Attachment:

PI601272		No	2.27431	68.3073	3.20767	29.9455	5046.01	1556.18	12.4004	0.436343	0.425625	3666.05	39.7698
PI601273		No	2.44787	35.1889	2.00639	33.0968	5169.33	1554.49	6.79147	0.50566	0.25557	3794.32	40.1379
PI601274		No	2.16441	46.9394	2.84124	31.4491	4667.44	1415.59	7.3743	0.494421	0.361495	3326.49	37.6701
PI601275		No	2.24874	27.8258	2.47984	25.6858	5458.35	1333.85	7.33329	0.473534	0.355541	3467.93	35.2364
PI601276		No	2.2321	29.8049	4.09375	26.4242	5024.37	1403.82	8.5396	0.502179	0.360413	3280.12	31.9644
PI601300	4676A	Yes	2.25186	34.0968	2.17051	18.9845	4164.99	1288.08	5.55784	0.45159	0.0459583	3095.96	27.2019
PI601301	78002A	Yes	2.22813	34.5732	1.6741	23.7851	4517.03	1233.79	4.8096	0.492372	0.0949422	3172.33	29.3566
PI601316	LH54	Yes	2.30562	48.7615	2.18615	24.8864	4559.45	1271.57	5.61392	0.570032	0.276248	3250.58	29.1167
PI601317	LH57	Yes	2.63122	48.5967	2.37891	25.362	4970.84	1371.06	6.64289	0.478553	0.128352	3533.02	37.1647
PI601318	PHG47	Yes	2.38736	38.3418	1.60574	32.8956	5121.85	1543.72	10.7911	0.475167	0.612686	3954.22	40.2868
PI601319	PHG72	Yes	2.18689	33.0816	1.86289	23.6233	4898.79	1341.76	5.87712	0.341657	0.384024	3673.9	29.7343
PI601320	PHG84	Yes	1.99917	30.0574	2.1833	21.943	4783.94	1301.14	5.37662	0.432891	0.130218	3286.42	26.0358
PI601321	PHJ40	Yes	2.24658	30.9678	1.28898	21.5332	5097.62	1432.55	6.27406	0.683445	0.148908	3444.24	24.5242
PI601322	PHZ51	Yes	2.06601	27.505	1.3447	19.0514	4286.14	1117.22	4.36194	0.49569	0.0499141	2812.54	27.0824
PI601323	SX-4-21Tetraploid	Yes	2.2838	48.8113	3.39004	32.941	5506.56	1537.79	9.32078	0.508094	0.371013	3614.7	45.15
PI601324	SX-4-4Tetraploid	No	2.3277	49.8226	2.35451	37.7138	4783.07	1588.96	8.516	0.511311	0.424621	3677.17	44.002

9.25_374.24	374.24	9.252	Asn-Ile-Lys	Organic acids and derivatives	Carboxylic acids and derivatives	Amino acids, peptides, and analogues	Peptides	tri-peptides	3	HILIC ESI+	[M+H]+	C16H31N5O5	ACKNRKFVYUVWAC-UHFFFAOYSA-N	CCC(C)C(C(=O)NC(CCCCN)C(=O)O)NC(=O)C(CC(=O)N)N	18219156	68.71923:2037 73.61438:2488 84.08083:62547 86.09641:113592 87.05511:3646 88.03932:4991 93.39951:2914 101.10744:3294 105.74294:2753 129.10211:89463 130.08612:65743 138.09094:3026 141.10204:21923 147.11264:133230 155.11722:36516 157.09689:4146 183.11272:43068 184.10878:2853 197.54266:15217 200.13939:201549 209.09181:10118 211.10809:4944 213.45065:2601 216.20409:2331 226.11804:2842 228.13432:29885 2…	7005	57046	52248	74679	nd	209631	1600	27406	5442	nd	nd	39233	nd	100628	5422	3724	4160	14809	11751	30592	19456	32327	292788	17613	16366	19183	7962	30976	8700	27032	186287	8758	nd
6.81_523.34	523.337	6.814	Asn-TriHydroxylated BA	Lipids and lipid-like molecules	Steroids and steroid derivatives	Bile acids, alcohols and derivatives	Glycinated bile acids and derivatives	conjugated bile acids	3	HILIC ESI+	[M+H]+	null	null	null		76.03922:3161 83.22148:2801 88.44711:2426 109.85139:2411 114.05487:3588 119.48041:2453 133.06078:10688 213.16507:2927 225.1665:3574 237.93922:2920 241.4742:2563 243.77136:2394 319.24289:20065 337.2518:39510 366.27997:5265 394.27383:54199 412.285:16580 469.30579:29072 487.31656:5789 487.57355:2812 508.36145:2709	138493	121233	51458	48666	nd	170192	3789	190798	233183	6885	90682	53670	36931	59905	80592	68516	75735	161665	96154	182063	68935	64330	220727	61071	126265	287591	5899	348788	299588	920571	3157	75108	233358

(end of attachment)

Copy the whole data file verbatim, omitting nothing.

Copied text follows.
PI601272		No	2.27431	68.3073	3.20767	29.9455	5046.01	1556.18	12.4004	0.436343	0.425625	3666.05	39.7698
PI601273		No	2.44787	35.1889	2.00639	33.0968	5169.33	1554.49	6.79147	0.50566	0.25557	3794.32	40.1379
PI601274		No	2.16441	46.9394	2.84124	31.4491	4667.44	1415.59	7.3743	0.494421	0.361495	3326.49	37.6701
PI601275		No	2.24874	27.8258	2.47984	25.6858	5458.35	1333.85	7.33329	0.473534	0.355541	3467.93	35.2364
PI601276		No	2.2321	29.8049	4.09375	26.4242	5024.37	1403.82	8.5396	0.502179	0.360413	3280.12	31.9644
PI601300	4676A	Yes	2.25186	34.0968	2.17051	18.9845	4164.99	1288.08	5.55784	0.45159	0.0459583	3095.96	27.2019
PI601301	78002A	Yes	2.22813	34.5732	1.6741	23.7851	4517.03	1233.79	4.8096	0.492372	0.0949422	3172.33	29.3566
PI601316	LH54	Yes	2.30562	48.7615	2.18615	24.8864	4559.45	1271.57	5.61392	0.570032	0.276248	3250.58	29.1167
PI601317	LH57	Yes	2.63122	48.5967	2.37891	25.362	4970.84	1371.06	6.64289	0.478553	0.128352	3533.02	37.1647
PI601318	PHG47	Yes	2.38736	38.3418	1.60574	32.8956	5121.85	1543.72	10.7911	0.475167	0.612686	3954.22	40.2868
PI601319	PHG72	Yes	2.18689	33.0816	1.86289	23.6233	4898.79	1341.76	5.87712	0.341657	0.384024	3673.9	29.7343
PI601320	PHG84	Yes	1.99917	30.0574	2.1833	21.943	4783.94	1301.14	5.37662	0.432891	0.130218	3286.42	26.0358
PI601321	PHJ40	Yes	2.24658	30.9678	1.28898	21.5332	5097.62	1432.55	6.27406	0.683445	0.148908	3444.24	24.5242
PI601322	PHZ51	Yes	2.06601	27.505	1.3447	19.0514	4286.14	1117.22	4.36194	0.49569	0.0499141	2812.54	27.0824
PI601323	SX-4-21Tetraploid	Yes	2.2838	48.8113	3.39004	32.941	5506.56	1537.79	9.32078	0.508094	0.371013	3614.7	45.15
PI601324	SX-4-4Tetraploid	No	2.3277	49.8226	2.35451	37.7138	4783.07	1588.96	8.516	0.511311	0.424621	3677.17	44.002

9.25_374.24	374.24	9.252	Asn-Ile-Lys	Organic acids and derivatives	Carboxylic acids and derivatives	Amino acids, peptides, and analogues	Peptides	tri-peptides	3	HILIC ESI+	[M+H]+	C16H31N5O5	ACKNRKFVYUVWAC-UHFFFAOYSA-N	CCC(C)C(C(=O)NC(CCCCN)C(=O)O)NC(=O)C(CC(=O)N)N	18219156	68.71923:2037 73.61438:2488 84.08083:62547 86.09641:113592 87.05511:3646 88.03932:4991 93.39951:2914 101.10744:3294 105.74294:2753 129.10211:89463 130.08612:65743 138.09094:3026 141.10204:21923 147.11264:133230 155.11722:36516 157.09689:4146 183.11272:43068 184.10878:2853 197.54266:15217 200.13939:201549 209.09181:10118 211.10809:4944 213.45065:2601 216.20409:2331 226.11804:2842 228.13432:29885 2…	7005	57046	52248	74679	nd	209631	1600	27406	5442	nd	nd	39233	nd	100628	5422	3724	4160	14809	11751	30592	19456	32327	292788	17613	16366	19183	7962	30976	8700	27032	186287	8758	nd
6.81_523.34	523.337	6.814	Asn-TriHydroxylated BA	Lipids and lipid-like molecules	Steroids and steroid derivatives	Bile acids, alcohols and derivatives	Glycinated bile acids and derivatives	conjugated bile acids	3	HILIC ESI+	[M+H]+	null	null	null		76.03922:3161 83.22148:2801 88.44711:2426 109.85139:2411 114.05487:3588 119.48041:2453 133.06078:10688 213.16507:2927 225.1665:3574 237.93922:2920 241.4742:2563 243.77136:2394 319.24289:20065 337.2518:39510 366.27997:5265 394.27383:54199 412.285:16580 469.30579:29072 487.31656:5789 487.57355:2812 508.36145:2709	138493	121233	51458	48666	nd	170192	3789	190798	233183	6885	90682	53670	36931	59905	80592	68516	75735	161665	96154	182063	68935	64330	220727	61071	126265	287591	5899	348788	299588	920571	3157	75108	233358